According to Allan, a property policy takes into consideration building ownership, its contents and the business interruption needed to keep the business afloat after a loss. “Breakdown coverage should be considered for manufacturing facilities that are highly dependent on processes performed on the premises,” he said. “This coverage is generally added to the property policy, but is sometimes purchased separate based on the exposure.”

According to Tom Johnson at Shepherd Insurance & Financial Services, Carmel, Indiana, if the property that you own leaves the building (like race cars, engines and tools), it would fall under off-track and storage coverage. Johnson recommends covering the building and contents first, and then discussing the property that could literally be anywhere. “It could be in a trailer that’s involved in an auto accident, and we take care of the equipment that’s inside the trailer. This is specific to race teams,” he said. “If it’s a repair shop or engine rebuilder, where he’s got other race car people’s property, then you cover the property that he has that doesn’t belong to him. So he moves from building the contents to mobile racing equipment, and then we start talking about, ‘OK, you’re an engine builder. How many customer engines do you have?’ If you have 10 customer engines that are $50,000 apiece, you need to cover those.”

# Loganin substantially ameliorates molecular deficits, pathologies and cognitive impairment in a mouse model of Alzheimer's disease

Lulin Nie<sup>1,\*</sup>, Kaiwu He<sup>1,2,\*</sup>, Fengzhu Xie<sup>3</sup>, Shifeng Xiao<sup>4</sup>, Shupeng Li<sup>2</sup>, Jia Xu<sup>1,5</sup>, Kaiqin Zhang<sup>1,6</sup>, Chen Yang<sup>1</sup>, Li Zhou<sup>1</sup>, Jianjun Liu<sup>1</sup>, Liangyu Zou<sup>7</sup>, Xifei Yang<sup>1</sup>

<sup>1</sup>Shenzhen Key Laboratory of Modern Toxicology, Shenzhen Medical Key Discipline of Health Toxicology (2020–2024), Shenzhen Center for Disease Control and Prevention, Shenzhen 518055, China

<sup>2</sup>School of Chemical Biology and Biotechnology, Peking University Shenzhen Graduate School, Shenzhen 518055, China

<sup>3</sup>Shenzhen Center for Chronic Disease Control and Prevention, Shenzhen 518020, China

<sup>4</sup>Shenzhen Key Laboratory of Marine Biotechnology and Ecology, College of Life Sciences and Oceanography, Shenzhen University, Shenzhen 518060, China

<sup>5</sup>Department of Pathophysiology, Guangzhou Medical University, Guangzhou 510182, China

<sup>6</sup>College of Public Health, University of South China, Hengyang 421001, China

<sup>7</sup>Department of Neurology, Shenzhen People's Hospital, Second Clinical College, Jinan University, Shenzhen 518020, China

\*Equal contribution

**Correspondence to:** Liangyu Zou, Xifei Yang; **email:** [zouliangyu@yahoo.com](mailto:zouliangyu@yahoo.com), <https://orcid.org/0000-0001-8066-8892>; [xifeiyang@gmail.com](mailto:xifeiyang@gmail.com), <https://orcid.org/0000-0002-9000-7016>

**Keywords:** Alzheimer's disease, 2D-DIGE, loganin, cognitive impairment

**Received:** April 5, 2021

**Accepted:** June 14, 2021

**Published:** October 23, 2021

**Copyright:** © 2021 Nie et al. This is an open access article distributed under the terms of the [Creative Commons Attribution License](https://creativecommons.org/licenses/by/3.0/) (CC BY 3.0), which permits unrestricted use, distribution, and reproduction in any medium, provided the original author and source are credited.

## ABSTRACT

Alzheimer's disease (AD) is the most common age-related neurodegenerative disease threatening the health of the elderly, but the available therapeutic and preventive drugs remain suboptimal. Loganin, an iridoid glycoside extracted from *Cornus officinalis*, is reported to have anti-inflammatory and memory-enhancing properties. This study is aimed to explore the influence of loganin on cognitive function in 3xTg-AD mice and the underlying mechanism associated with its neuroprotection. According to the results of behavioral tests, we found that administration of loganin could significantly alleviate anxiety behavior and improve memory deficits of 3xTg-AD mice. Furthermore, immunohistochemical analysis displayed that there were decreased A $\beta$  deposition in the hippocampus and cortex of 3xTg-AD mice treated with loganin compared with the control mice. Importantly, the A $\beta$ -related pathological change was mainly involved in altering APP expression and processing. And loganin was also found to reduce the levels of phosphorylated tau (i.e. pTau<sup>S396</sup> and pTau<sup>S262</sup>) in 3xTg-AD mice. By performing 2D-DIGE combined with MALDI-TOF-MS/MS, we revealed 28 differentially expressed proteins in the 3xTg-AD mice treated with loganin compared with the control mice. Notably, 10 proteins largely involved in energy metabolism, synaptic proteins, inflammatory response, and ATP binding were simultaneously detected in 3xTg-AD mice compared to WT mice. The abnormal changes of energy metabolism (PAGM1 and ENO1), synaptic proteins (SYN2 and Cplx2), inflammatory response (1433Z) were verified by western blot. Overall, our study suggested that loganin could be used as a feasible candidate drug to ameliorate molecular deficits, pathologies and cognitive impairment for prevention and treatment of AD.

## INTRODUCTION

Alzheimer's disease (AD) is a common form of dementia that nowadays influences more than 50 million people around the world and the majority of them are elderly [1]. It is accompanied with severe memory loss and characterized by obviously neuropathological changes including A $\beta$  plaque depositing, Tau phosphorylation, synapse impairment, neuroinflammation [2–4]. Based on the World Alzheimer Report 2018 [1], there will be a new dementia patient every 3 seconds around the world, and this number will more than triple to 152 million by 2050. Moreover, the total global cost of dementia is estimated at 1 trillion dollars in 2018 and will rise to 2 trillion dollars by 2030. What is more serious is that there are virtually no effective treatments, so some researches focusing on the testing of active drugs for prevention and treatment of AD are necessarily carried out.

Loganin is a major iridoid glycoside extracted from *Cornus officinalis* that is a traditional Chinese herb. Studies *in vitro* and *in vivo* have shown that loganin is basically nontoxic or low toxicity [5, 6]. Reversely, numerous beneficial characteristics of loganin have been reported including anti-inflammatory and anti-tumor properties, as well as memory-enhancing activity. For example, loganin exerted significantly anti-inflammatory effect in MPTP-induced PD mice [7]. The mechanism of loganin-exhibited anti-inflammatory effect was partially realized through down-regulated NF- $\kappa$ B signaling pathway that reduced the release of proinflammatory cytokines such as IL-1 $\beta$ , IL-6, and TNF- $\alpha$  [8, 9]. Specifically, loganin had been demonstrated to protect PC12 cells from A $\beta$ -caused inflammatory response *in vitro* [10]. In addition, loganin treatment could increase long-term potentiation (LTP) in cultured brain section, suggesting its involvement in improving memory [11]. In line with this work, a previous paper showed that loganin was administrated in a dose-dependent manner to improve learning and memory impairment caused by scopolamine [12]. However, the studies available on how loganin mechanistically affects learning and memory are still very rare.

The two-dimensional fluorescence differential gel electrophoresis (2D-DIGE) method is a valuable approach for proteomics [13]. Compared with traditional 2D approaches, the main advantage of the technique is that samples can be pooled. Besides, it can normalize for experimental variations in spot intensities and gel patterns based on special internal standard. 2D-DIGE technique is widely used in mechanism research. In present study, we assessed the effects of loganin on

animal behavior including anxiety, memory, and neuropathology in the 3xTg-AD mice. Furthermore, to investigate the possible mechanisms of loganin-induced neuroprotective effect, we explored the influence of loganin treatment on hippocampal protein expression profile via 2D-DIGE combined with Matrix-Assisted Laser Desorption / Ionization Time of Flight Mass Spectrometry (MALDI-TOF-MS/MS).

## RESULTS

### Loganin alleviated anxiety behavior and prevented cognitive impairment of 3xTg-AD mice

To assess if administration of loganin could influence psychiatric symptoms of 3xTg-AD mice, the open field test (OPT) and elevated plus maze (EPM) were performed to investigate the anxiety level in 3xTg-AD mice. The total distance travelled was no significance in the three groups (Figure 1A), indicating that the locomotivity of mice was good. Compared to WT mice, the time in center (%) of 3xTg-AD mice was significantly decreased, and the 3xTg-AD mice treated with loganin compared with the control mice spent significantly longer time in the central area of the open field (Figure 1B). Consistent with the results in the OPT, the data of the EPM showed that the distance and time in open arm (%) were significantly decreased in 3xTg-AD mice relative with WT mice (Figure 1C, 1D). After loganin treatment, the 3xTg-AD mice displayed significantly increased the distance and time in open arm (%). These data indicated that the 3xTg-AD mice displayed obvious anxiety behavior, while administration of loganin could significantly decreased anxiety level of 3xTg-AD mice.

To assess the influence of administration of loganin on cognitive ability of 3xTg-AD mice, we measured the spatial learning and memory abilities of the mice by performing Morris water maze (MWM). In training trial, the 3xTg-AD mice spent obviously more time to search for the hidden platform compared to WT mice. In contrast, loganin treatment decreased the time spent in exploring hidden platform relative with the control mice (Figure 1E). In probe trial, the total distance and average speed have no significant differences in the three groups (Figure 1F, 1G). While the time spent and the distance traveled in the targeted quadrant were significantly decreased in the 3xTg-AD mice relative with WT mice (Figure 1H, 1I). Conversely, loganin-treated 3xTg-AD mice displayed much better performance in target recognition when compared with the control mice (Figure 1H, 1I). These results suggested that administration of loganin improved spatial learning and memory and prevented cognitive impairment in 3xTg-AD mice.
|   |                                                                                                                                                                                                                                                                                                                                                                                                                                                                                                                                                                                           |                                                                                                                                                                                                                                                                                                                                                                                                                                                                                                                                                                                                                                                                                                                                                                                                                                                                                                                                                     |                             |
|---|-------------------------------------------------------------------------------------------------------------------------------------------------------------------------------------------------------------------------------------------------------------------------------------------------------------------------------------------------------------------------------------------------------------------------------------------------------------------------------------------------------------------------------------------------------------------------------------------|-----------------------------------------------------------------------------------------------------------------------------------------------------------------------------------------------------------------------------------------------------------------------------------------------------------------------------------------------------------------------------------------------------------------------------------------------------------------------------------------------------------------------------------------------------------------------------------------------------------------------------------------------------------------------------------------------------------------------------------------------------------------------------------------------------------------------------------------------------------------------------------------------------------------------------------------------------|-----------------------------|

Cases of coverage include fire, windstorm, lightning, vandalism, and theft—and flood can also be included if you’re in a flood zone. “I’ve never been one as an agent to want to skimp on what I give that customer because I don’t want that customer to have a loss and then I have to tell him, ‘Oh, well, we didn’t cover that,’” said Johnson.

Liability

According to Neil Want from MIS Motorsport, Guiseley, Leeds, United Kingdom, liability insurance protects against the legal liability and duty of care required to both independent third parties and persons falling under the definition of employee. “Consideration needs to be given as to whether coverage is required away from the premises and whether it includes ‘weekend warriors’ and other persons giving their services for free,” he explained.